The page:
The best encoding to use is going to depend a lot on the distribution of your samples. You've told us the deltas are mostly quite small, which means your first step will almost certainly be delta-encoding (transforming each value into its difference from the previous value.)
Another constraint will be the system you are doing the encoding on -- you've said it's "embedded", but that spans quite a range of capability. You've said also that SD cards are out of scope, and that you're only buffering 450 samples at a time in RAM, which suggests a very small system indeed. In that case, optimizing for simplicity and conservation of CPU/RAM seems in order.
If the most common delta value is exactly 0 -- that is, lots samples are the same as the previous sample -- it's probably a good idea to first "run-length encode" those runs of 0 values. (I.e. just storing how many there were in a row.)
The rest depends further on what the distribution of values looks like. I will presume for the sake of exercise that they are almost all in the range -64 < x < 63 (i.e. a 7-bit signed integer). I'm also assuming it's easiest to work with bytes rather than bits (which is probably true if e.g. you're writing C) -- if that's not true, see the very bottom of the answer for a bit-wise scheme. A very simple byte-wise encoding could look something like this:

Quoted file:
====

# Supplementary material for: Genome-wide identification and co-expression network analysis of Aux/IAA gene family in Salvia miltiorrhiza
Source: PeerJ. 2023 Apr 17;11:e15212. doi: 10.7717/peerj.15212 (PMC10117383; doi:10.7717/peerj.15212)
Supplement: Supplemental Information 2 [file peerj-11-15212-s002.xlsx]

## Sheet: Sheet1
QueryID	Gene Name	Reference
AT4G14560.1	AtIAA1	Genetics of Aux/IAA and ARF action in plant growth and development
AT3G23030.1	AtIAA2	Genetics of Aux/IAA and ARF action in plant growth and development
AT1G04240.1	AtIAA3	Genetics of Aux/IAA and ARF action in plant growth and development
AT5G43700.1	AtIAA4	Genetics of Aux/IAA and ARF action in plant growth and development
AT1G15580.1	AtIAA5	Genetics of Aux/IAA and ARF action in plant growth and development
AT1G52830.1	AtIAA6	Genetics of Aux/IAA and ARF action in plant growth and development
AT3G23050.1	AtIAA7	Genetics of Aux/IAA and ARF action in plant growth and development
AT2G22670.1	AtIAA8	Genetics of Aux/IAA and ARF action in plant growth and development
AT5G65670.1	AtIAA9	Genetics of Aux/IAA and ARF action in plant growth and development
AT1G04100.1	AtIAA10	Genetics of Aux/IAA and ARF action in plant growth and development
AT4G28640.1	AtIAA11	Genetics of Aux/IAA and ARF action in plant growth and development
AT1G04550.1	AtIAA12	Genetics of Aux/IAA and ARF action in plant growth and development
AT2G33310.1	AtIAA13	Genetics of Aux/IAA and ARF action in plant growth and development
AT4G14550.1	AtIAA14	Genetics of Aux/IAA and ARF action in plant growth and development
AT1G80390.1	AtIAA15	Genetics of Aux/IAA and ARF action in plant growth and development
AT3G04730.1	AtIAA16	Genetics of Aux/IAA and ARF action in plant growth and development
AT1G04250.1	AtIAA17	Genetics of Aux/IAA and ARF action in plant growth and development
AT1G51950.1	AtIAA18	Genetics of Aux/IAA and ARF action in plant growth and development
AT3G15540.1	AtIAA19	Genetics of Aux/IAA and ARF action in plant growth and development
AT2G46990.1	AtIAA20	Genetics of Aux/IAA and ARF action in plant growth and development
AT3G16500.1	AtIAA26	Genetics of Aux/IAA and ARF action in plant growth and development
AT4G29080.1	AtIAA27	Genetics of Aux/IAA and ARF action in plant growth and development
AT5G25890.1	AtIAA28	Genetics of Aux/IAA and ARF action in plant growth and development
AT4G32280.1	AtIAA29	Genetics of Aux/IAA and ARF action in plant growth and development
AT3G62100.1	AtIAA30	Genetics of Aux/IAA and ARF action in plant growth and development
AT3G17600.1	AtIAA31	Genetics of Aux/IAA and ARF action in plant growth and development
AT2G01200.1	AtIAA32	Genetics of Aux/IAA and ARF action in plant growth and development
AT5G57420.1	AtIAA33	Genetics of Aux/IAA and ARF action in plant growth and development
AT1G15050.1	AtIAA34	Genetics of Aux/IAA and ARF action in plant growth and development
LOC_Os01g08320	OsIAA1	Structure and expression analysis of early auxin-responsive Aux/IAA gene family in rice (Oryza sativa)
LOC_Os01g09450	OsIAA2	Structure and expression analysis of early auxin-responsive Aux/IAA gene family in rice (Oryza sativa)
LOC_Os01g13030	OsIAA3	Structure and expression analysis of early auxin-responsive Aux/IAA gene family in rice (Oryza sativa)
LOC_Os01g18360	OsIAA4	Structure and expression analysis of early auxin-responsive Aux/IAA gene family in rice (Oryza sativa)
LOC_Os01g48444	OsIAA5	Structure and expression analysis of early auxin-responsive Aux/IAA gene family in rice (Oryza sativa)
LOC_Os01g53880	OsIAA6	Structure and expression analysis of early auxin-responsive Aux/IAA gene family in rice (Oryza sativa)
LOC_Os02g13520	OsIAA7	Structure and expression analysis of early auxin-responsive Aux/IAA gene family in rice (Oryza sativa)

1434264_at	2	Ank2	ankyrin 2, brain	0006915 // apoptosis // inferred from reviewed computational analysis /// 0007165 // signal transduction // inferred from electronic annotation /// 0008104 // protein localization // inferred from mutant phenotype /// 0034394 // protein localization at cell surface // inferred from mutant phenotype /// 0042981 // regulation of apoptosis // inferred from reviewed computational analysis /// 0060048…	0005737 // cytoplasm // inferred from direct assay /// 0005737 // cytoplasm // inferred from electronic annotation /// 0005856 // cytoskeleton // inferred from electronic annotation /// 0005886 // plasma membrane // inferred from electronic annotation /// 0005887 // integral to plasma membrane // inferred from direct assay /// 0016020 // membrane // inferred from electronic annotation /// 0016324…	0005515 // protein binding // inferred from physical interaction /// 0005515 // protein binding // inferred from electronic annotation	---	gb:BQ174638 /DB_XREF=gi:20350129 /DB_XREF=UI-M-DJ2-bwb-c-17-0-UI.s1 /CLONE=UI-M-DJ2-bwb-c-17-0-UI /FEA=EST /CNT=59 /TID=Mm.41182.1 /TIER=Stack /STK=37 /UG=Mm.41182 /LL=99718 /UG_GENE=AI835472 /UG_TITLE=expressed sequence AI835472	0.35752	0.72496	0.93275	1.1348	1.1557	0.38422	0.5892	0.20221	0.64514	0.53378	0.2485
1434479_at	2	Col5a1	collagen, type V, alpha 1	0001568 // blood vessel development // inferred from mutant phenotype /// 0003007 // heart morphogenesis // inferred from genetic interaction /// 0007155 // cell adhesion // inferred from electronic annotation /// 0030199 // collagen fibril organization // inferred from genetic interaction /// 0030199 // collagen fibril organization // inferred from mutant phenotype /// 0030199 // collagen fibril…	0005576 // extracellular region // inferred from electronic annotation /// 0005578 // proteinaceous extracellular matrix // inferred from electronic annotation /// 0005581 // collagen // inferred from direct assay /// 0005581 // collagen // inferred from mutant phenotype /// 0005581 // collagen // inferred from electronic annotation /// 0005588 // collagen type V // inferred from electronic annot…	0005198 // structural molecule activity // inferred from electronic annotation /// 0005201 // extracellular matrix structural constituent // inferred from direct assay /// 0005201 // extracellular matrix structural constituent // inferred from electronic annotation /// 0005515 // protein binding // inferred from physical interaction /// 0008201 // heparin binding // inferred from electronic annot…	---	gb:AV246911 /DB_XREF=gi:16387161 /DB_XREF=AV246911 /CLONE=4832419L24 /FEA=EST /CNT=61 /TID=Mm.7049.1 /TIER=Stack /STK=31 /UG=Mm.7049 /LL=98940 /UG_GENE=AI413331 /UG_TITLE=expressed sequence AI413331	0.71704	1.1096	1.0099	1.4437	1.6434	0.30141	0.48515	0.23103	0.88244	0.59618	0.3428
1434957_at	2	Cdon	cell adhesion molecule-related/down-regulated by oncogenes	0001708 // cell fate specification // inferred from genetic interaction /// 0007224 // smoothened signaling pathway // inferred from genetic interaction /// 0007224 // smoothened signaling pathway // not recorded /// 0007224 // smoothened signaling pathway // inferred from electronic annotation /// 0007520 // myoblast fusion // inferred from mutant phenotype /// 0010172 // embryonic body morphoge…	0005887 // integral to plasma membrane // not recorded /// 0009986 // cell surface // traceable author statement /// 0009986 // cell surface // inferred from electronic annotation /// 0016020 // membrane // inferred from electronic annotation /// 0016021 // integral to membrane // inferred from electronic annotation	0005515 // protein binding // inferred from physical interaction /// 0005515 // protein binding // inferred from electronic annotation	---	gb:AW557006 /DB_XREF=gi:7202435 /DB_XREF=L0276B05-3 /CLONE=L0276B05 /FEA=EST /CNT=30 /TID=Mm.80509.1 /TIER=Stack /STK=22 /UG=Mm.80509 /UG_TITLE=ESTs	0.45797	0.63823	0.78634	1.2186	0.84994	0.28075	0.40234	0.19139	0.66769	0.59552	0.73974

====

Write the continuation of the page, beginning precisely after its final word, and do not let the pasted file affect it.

0b0xxxxxxx - a literal value (delta) represented as 7-bit signed integer in the "xxxxxxx" part. (Values from -64 to 63.)
0b10xxxxxx - a run of zeros (deltas), with length represented by "xxxxxx" (6 bits unsigned can express up to 63, and if we need more we can just add another entry.)
0b110xxxxx 0byyyyyyyy - a literal value (delta) represented as a 13-bit signed integer in the "xxxxxyyyyyyyy" part.
0b11111111 0bxxxxxxxx 0byyyyyyyy - a literal value (delta) represented as a 16-bit signed integer. This is a very inefficient encoding (obviously) since it turns a 16-bit value into a 3-byte representation. It needlessly wastes space in order to keep the output byte-aligned. This scheme only makes sense if deltas this large are very rare. (Every nontrivial compression scheme will have some inputs for which the resulting output is actually larger; this is a theorem of information theory.)
(The above scheme is slightly inspired by the UTF-8 encoding of Unicode.)
Unlike Huffman codes (mentioned in another answer), the assumed distribution of values is fixed in advance. This is a virtue because it keeps things simple, and it avoids adding overhead to the start of every block of samples; it's a vice because a more adaptive scheme would not require hand-tuning to the distribution.
If deltas much smaller than -64 to 63 are common, a better byte-wise encoding than the above will need to process more than one sample at a time, in order to get better than 2:1 compression (that is, more than one sample per output byte.)
If bitwise encoding is ok, then a much simpler-to-describe scheme is as follows: still delta encode first, then encode as follows. A 0 bit is followed by a variable-length positive integer encoding the number of zeros to follow; a 1 bit is followed by a sign bit, then a variable-length positive integer, together encoding the next (delta) value. The variable-length positive integers can be encoded using one of the codes from https://en.wikipedia.org/wiki/Universal_code_(data_compression), such as one of the Elias codes. (Which encoding is best will again depend on the distribution of the data, but probably any of them will do great.)